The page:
Children with cerebral palsy commonly undergo invasive surgery to help improve their physical ability to move or walk. Unfortunately, there is no guarantee that these surgeries will work every time.

What if there was a way to predict whether or not a child with cerebral palsy will be able to benefit from invasive surgery? That's what researchers from the University of Washington and Gillette Children's Specialty Healthcare sought to address, developing a new quantitative method of assessing motor control called Dynamic Motor Control Index During Walking, or Walk-DMC.

"Only about 50 percent of children have significant improvement in their movement after these highly invasive surgeries. Our motivation has really been to figure out how we can push up these success rates," said Katherine Steele, a mechanical engineering assistant professor over at UW and one of the authors of the study.

Published in the journal Developmental Medicine & Child Neurology, the study showed that Walk-DMC scores prior to invasive surgery were associated with how much walking function and speed and gait improve after a patient undergoes the procedure.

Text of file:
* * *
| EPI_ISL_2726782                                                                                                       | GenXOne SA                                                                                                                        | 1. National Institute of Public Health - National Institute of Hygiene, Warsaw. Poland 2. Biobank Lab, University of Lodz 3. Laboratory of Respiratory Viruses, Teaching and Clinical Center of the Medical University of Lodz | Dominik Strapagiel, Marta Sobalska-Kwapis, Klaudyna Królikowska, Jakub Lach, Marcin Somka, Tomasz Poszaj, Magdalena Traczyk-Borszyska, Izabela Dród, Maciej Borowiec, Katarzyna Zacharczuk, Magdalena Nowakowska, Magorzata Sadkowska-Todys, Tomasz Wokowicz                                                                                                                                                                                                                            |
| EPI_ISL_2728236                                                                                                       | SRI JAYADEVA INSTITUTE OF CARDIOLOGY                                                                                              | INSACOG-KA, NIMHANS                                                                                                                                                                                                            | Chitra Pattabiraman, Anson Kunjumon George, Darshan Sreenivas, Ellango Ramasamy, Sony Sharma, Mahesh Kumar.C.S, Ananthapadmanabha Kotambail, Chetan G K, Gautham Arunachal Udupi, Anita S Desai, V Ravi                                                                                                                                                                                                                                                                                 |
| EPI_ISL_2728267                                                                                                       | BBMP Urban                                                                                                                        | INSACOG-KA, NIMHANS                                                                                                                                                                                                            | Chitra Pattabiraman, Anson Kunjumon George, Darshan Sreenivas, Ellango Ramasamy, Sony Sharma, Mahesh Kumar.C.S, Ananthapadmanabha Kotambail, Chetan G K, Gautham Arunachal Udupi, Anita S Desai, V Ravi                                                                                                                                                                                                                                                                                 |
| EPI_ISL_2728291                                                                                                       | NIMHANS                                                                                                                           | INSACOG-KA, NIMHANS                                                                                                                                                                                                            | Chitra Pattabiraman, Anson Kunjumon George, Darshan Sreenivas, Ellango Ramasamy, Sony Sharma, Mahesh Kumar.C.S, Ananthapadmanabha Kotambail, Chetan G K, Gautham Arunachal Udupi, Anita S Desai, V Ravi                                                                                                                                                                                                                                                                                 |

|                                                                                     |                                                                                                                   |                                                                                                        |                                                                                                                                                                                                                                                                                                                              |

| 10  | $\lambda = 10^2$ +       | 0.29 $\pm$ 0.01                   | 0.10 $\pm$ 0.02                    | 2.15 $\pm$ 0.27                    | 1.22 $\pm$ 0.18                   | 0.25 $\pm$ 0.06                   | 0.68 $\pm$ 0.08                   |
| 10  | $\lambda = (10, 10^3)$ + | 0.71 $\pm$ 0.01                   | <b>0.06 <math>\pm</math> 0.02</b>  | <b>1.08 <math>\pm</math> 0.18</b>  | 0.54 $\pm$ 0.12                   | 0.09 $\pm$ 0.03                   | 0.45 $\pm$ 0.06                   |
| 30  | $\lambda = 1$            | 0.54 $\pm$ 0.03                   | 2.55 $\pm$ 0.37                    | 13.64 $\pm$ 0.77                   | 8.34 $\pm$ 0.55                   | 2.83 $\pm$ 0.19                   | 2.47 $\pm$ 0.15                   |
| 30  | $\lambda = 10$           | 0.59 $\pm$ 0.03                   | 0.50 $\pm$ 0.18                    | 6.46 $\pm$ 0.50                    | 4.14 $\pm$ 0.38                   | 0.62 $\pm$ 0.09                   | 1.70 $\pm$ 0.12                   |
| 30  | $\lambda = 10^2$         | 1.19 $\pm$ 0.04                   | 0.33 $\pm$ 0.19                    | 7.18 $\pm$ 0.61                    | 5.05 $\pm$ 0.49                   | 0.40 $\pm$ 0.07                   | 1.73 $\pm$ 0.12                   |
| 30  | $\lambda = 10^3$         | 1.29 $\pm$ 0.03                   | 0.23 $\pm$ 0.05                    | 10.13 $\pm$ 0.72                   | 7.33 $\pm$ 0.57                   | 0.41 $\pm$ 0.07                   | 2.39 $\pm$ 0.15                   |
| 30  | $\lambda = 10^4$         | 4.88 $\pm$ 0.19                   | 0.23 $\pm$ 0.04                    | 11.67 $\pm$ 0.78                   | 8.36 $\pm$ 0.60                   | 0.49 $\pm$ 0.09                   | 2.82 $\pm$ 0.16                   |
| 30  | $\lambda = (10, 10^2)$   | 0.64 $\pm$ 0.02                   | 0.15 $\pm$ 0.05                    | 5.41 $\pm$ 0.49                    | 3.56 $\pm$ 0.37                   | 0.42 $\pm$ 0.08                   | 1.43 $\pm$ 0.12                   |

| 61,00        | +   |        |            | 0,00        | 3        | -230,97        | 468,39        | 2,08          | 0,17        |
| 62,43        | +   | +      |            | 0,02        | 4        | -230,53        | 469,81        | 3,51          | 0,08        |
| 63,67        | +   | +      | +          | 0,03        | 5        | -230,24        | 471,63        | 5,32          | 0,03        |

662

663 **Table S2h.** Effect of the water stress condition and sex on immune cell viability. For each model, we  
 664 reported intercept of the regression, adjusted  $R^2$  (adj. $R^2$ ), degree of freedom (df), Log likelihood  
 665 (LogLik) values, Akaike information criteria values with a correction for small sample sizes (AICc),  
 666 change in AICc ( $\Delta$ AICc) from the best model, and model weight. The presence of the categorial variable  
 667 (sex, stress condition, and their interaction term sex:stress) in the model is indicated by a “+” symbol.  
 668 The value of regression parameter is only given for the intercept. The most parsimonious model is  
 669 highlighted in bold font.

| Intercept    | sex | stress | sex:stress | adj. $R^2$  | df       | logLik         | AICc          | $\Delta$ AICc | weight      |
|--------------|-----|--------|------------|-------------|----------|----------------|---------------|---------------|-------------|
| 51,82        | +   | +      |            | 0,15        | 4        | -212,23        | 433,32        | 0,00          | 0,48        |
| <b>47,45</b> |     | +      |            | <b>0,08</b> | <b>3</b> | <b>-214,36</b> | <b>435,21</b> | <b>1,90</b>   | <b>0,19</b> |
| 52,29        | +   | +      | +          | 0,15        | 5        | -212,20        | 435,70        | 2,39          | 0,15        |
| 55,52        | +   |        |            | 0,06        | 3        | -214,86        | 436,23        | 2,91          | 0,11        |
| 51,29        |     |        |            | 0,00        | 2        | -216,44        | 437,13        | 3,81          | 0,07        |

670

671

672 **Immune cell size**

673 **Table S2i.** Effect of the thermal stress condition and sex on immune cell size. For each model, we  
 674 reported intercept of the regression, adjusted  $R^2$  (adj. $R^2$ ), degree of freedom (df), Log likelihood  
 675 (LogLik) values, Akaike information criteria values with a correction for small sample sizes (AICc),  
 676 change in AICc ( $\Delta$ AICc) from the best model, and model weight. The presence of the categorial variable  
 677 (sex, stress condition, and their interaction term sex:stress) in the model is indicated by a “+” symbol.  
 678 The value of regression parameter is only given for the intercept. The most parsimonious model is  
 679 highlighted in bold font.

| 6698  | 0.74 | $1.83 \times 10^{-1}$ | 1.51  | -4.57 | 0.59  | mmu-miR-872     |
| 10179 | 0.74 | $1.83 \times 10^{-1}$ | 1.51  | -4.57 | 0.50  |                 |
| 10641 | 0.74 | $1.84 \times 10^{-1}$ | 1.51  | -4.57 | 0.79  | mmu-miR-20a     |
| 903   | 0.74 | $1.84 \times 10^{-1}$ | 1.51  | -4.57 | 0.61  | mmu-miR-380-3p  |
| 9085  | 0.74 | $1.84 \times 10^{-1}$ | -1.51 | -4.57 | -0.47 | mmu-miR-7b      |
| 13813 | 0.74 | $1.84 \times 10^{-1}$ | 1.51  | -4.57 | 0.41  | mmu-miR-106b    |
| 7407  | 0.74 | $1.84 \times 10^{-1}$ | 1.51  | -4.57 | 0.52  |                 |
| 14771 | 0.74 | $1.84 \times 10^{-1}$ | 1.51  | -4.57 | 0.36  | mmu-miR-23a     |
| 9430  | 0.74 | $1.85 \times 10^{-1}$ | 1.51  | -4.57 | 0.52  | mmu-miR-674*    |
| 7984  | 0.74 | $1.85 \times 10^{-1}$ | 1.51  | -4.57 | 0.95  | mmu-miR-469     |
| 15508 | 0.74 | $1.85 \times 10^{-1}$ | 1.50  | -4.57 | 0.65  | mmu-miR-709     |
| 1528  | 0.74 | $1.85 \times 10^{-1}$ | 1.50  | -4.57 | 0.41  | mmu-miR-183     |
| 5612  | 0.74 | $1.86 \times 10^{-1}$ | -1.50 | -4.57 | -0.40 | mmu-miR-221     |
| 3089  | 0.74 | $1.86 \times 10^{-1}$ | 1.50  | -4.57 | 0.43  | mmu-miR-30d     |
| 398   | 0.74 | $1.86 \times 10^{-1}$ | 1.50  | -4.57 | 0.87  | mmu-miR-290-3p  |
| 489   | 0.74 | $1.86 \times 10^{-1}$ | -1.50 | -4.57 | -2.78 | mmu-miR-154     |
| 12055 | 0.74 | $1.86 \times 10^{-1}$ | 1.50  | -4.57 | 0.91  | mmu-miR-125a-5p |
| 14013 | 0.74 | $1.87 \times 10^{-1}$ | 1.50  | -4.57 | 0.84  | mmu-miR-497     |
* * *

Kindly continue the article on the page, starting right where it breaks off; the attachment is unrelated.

In the past, doctors turned to subjective clinical measures to determine the motor control level of a patient with cerebral palsy. Walk-DMC, on the other hand, uses electromyography data, which monitors muscle activity through electrodes placed on the skin.

It's important to determine motor control because doctors have theorized that a patient with better brain-to-muscle connections before surgery is likely to do better after the procedure, as common surgical procedures focus on anatomical issues limiting movement but not how well muscles are controlled.

While there's still no standard way to quantify motor control, the researchers were able to develop algorithms that could turn motor control strategies from a patient into a single number, their Walk-DMC score.

They also found that while two children with cerebral palsy can walk similarly, they can have different Walk-DMC scores, suggesting that motor control can be independent of surgical outcomes. As such, the Walk-DMC score can help doctors in assessing what kind of treatment would be best for a cerebral palsy patient, whether they should undergo surgery or stick with more conservative methods of treatment.

The study, which Michael Schwartz and Adam Rozumalski are also part of, is still ongoing. It recently received a grant amounting to $1.5 million from the National Institute of Neurological Disorders and Stroke.

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